Eric Jerome Dickey has been in my upper echelon of favorite of fave authors for more than a decade. His style is so accessible and provocative, for me, his novels always feel like a master class in romantic realism. The stories aren’t traditionally romantic, each couple’s journey to HEA is never easily linear boy meets girl- obvious misunderstanding- realization of faults to love declarations. In an EJD tale, characters live in bold and sometimes cold, color. More often than not, their choices challenge the reader to check their own moral compass and “what-would-I-do-isms” at the door. I look forward to any spring when I get to once again get lost in Dickey land.
All is fair in love and lust in LA…
Unlike their younger brother, André, whose star as a comedian is rising, neither Dwayne nor Brick Duquesne is having luck with his career – and they’re unluckier still in love. Former child star Dwayne has just been fired from his latest acting role and barely has enough money to get by after paying child support to his spiteful former lover, while Brick struggles to return to his uninspiring white-collar job after suffering the dual blows of a health emergency and a nasty breakup with the woman he still loves.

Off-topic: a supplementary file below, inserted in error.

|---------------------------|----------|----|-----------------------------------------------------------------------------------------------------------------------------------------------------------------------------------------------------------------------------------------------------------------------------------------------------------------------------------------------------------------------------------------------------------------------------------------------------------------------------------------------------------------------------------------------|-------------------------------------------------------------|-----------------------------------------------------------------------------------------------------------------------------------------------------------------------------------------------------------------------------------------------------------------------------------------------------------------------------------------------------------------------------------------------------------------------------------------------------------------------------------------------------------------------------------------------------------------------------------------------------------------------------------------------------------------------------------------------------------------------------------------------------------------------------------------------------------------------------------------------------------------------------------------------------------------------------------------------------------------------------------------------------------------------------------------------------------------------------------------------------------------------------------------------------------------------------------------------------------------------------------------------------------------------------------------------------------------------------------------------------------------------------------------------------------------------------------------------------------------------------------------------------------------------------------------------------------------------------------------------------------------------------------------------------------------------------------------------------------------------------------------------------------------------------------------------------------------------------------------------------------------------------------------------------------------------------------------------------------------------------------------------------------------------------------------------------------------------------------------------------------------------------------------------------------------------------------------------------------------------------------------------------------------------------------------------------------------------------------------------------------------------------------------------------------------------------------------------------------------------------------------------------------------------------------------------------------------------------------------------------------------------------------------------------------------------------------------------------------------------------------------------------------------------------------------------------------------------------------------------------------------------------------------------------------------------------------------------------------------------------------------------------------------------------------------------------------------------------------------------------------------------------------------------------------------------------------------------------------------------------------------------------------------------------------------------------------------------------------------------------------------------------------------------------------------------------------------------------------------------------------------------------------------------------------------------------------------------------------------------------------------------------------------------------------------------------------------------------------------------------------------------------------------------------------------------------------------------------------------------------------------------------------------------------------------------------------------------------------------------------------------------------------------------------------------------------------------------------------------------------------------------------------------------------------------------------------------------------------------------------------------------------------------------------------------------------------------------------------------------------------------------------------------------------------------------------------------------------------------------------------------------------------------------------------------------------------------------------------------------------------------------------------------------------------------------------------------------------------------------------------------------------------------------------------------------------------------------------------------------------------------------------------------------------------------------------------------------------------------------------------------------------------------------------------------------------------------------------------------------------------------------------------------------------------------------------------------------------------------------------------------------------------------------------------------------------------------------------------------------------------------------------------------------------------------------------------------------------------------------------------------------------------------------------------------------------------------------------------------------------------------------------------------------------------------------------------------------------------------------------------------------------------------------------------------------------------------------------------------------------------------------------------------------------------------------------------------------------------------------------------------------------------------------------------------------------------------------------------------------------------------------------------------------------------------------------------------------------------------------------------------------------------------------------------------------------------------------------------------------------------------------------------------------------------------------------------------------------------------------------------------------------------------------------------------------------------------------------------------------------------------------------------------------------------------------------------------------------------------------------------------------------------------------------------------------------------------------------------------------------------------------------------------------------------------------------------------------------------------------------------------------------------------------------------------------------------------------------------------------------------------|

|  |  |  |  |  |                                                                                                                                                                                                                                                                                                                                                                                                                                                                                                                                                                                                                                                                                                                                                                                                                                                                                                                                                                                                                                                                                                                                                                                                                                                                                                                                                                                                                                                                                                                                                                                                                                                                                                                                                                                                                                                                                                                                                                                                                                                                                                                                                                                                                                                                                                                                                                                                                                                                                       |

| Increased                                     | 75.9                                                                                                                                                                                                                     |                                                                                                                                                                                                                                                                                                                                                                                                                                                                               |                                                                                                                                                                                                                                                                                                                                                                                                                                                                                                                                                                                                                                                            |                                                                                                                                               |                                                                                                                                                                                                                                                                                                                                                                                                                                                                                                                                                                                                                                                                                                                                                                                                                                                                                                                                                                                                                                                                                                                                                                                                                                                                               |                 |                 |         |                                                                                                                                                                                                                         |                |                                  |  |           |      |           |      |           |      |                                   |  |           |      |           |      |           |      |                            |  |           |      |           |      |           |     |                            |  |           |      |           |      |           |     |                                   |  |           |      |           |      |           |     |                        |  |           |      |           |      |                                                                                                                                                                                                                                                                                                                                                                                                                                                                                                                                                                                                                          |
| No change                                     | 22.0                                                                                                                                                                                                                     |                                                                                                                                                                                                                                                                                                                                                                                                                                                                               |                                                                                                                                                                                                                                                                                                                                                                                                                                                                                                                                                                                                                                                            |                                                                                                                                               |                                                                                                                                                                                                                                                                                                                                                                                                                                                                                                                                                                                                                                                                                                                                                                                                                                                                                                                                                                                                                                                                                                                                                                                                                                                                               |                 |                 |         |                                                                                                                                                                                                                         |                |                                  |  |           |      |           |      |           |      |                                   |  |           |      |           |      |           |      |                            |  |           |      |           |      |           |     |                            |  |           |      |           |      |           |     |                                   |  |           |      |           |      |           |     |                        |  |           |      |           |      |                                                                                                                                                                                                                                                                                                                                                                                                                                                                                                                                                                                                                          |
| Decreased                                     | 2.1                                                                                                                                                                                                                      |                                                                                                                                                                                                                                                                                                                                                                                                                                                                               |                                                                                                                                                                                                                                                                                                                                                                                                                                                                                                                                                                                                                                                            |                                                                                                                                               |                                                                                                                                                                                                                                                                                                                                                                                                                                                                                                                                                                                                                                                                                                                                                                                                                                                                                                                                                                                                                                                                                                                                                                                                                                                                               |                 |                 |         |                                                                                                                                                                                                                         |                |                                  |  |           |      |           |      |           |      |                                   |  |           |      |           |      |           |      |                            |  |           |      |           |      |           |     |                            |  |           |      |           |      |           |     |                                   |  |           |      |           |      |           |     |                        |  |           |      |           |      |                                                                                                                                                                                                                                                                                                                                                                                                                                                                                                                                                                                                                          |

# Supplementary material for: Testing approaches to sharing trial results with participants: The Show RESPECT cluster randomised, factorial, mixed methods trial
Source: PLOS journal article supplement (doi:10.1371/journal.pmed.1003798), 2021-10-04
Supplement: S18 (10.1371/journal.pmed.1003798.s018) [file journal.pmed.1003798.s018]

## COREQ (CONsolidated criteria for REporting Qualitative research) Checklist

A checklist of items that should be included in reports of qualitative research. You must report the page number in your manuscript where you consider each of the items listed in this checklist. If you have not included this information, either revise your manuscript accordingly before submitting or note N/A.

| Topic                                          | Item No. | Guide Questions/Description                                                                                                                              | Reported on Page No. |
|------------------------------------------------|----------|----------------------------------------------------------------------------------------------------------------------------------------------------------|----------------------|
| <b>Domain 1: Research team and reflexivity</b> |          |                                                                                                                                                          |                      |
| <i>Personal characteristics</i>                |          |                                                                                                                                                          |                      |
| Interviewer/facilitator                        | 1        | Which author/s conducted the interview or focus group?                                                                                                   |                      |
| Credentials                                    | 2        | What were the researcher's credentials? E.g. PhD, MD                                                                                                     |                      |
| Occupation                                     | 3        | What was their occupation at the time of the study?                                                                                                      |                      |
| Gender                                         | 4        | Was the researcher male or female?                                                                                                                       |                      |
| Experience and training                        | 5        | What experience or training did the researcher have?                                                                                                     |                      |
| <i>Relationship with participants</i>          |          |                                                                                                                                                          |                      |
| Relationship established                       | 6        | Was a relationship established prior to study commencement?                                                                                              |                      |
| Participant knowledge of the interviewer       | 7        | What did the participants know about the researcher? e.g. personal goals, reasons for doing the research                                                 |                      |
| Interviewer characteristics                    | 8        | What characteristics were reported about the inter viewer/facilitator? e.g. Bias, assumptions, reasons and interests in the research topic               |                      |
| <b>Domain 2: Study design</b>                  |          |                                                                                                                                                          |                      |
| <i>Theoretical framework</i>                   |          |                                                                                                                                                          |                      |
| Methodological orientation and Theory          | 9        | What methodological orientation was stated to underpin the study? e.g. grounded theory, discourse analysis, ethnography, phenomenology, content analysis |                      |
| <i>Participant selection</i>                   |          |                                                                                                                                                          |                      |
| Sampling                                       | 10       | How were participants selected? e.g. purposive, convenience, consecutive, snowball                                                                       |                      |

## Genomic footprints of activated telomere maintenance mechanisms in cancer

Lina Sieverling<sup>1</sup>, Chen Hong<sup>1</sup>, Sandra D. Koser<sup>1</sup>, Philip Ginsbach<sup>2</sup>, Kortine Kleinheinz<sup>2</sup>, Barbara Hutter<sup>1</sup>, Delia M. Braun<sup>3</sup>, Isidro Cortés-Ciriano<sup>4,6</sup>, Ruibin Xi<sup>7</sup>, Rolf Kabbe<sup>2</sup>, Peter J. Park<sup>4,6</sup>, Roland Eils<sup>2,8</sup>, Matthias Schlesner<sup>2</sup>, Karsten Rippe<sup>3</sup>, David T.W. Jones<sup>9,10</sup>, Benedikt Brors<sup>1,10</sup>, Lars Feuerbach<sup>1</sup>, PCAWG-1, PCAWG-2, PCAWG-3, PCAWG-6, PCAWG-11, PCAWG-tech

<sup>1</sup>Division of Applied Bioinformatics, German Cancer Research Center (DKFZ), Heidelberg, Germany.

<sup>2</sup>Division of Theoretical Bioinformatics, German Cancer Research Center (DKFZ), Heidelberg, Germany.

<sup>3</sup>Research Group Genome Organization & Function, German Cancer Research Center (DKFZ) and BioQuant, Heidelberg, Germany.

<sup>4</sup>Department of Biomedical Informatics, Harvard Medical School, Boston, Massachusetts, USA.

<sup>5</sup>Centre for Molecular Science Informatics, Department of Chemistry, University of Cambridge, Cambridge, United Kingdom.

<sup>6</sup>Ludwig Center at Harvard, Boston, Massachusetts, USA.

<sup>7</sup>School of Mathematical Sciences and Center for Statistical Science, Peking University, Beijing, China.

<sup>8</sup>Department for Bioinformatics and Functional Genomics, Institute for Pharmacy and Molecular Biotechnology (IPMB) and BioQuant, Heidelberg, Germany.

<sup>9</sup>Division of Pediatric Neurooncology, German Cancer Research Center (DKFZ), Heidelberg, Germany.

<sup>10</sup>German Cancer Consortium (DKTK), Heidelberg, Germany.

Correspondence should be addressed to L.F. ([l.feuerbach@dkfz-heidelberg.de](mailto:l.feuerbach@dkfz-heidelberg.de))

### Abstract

Neither brother is looking to get entangled with a woman anytime soon, but love – and lust – has a way of twisting the best-laid plans. When Dwayne tries to reconnect with his teenage son, he finds himself fighting to separate his animosity from his attraction for his son’s mother, Frenchie. And Brick’s latest source of income – chauffeur and bodyguard to three smart, independent women temporarily working as escorts in order to get back on their feet – opens a world of possibility in both love and money. Penny, Christiana, and Mocha Latte know plenty of female johns who would pay top dollar for a few hours with a man like Brick…if he can let go of his past, embrace his unconventional new family, and allow strangers to become lovers.
6. California Love…
Set in Los Angeles California, the city as much a living part of the story as any character, The Business of Lovers gives a view into the lives of three brothers and three sex-workers whose lives all coincide against the LA backdrop to create one hell of a mosaic. If you’re from LA, you’re right at home and if you’ve never been- you definitely want to- badly!
5. Progressive respect for sex workers, woman empowerment and men holding men accountable.
All three themes are threaded through The Business of Lovers- and not in a hunted at- round about, subversive kind of way. It was refreshing to read such themes in all of their clear, blunt authenticity.